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Banks won't party

Posted On Thursday, 06 October 2005 02:00 Published by
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Low interest rates and rising rents make owning small offices attractive. But not to lenders - yet
By Ian Fife

Low interest rates and rising rents make owning small offices attractive. But not to lenders - yet
Owning sectional title offices could be the next big thing for small businesses and property investors.

They give better returns than residential property and are simpler to manage, but the banks' ultraconservative lending policies are making investment difficult.

Take these two scenarios:

A bank will grant an investor earning R500 000/year a 100%, 20-year bond at 1,5 percentage points below the prime overdraft rate on a 140 m?, R1,4m sectional title residential unit. The unit in, say, Illovo, Johannesburg, would sell at R10 000/m? and provide an initial yield of about 6%.

The investor would pay R12 500 a month on his loan. Net rental income would be about R7 000/month, leaving a cash deficit of R5 500.

However, Nedbank property lending chief Frank Berkeley says that on a R1,4m, 175 m? sectional title office unit around the corner, a bank would probably grant only a 70%, 10-year bond at prime, even if it were sold at R8 000/m? and gave a yield of 9%.

The bond repayment would be R13 000/month and the net income R10 500/month, giving a deficit of R2 500/month. But the investor would also have to inject R420 000 cash into the property. If the bond conditions were the same as those for the residential unit, the investor would pay R12 500/month and have a deficit of R2 000 on a 100% bond.

Lost opportunities

The banks seem to be missing an opportunity. The market is potentially enormous. More than 60% of office users occupy less than 250 m?. Yet typical office floor areas are 500 m? and more, and small tenants usually pay higher rents.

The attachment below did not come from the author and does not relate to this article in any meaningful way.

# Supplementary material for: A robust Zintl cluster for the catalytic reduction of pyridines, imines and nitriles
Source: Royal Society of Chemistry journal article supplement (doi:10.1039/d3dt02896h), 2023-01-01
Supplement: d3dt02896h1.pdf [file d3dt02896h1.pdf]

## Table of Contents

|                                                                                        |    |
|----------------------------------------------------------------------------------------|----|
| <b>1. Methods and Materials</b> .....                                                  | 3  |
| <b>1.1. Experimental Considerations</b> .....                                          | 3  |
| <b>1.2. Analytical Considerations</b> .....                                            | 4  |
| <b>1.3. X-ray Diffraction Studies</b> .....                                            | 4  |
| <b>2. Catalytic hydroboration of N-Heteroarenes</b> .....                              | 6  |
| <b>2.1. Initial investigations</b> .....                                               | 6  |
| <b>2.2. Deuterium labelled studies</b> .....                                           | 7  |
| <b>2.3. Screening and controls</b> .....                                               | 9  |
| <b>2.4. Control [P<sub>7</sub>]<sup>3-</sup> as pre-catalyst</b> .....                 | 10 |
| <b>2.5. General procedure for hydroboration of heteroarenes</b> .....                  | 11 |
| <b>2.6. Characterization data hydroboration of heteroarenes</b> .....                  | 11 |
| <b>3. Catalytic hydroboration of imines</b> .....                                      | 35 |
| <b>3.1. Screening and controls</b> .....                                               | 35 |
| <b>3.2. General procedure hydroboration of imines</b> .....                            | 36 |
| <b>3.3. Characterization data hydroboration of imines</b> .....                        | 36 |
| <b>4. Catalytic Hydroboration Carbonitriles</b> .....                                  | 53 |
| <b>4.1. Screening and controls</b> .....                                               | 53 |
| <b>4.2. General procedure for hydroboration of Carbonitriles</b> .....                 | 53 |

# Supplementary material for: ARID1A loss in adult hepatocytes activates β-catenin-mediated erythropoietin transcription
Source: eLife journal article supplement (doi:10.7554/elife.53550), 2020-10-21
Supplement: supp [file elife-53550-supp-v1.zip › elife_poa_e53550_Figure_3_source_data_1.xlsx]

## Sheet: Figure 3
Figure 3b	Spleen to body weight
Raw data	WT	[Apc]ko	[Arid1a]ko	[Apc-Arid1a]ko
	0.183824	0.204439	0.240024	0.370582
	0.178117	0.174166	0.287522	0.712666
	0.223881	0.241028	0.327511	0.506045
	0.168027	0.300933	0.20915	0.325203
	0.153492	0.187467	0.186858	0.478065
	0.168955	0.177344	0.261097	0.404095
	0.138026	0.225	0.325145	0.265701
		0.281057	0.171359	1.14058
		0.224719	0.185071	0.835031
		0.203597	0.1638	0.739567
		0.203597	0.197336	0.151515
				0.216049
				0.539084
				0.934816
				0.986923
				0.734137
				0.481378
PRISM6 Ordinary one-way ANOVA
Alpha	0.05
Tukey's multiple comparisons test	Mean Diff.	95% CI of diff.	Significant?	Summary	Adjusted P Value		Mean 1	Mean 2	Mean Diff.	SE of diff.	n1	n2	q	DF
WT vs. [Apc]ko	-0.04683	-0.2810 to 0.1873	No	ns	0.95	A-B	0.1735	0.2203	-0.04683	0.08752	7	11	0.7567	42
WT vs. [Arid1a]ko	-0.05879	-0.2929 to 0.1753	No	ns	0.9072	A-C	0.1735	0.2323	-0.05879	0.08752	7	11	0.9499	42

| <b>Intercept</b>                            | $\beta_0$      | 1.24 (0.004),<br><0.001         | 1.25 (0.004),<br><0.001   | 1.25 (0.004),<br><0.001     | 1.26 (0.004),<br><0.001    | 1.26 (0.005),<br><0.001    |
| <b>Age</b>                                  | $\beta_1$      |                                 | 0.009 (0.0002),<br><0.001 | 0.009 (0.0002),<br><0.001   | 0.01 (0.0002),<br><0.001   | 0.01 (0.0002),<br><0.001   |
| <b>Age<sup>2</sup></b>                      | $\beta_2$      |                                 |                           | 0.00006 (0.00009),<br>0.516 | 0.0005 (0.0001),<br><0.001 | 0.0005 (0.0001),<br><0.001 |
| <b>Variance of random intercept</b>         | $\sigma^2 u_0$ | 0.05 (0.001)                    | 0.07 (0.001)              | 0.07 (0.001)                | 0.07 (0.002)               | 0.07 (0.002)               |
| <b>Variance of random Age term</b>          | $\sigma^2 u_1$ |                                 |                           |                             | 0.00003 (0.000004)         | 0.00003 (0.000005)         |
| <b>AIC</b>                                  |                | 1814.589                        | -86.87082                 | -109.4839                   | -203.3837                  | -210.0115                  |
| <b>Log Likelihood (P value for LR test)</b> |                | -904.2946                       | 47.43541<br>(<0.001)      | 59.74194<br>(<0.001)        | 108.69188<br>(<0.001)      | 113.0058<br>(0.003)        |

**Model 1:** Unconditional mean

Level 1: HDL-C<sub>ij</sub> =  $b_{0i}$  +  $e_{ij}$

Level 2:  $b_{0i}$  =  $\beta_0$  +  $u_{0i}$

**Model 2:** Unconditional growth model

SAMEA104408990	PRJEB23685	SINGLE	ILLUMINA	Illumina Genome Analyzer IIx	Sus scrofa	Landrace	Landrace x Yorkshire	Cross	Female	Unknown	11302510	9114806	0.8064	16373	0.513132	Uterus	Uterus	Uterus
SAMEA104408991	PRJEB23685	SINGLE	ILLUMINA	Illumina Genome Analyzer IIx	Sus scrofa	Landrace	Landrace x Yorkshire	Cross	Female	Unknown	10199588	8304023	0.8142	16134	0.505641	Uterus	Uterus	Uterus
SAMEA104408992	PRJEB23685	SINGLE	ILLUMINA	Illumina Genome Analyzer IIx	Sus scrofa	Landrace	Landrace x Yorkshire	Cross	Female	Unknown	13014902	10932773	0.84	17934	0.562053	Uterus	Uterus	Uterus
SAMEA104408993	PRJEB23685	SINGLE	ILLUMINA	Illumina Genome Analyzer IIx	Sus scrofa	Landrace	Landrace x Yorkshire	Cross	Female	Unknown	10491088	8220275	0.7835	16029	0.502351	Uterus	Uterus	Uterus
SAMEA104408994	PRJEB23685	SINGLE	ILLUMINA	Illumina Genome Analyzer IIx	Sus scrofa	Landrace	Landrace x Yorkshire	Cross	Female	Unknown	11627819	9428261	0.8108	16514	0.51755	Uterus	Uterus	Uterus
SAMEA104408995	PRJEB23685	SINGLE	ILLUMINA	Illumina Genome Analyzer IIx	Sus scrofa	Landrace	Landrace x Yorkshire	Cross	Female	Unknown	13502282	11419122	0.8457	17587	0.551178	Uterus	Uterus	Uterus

Potential tenants have increasingly become interested in owning much smaller offices as SA's chronic office over supply is mopped up and rents start rising.

Johannesburg-based Barrow Construction began building sectional title offices four years ago. It has sold 120 units at an average size of 250 m?. Director Paul Barrow says most of his buyers have been "mature" partnerships of lawyers, architects, doctors and other professionals who bought the units for their own use.

Owner-occupiers usually arrange the property finance with their banks as part of their overall facility. But Barrow says investors are put off by the large amount of equity they must invest, the short repayment period of 10 years and the high interest rate.

Also, banks grant a bond only if the investor has signed a lease. But investors can't find tenants to sign leases when they must commit to buying a year before the property is ready for occupation.

The main finance problem is that sectional title offices fall under the banks' commercial lending divisions and not under home loans. Commercial property staff are geared to deal in large loans and apply the same criteria to a R1m sectional loan as a R100m one. Berkeley says R1m is usually the minimum loan a bank will grant.

"We haven't designed products specifically for small sectional title offices," he adds.

But a breakthrough could come when two major new developments are launched soon.

Pace Real Estate, which recently launched a number of office and industrial projects in Gauteng, will be selling a 10 000 m? sectional title building at 1 Sandton Drive in the Sandton CBD with units as small as 300 m?. Prices will be about R15 000/m?.

Barrow launches sectional title offices at Melrose Arch soon at R15 000/m?. A 100 m? office will cost R1,5m, including four parking bays.

Melrose Arch owner Property Partners says rents are currently R115/m?. "But we have a waiting list for tens of thousands of square metres," says director Stuart Chait.

Investors can expect minimum rents of R130/m? by the time the Barrow offices are completed towards the end of next year. Add R350/bay monthly parking income, deduct a monthly levy of R25/m? and the investor will get R142 000/year net income - a 9,5% return on investment. This is twice the yield on the Melrose Arch residential units next door.

Certainty of income at Melrose Arch would make it easy for him to grant a loan without a lease being signed, says Berkeley.

"But it does depend on who the borrower is," he adds.

Financial Mail
Publisher: I-Net Bridge
Source: I-Net Bridge

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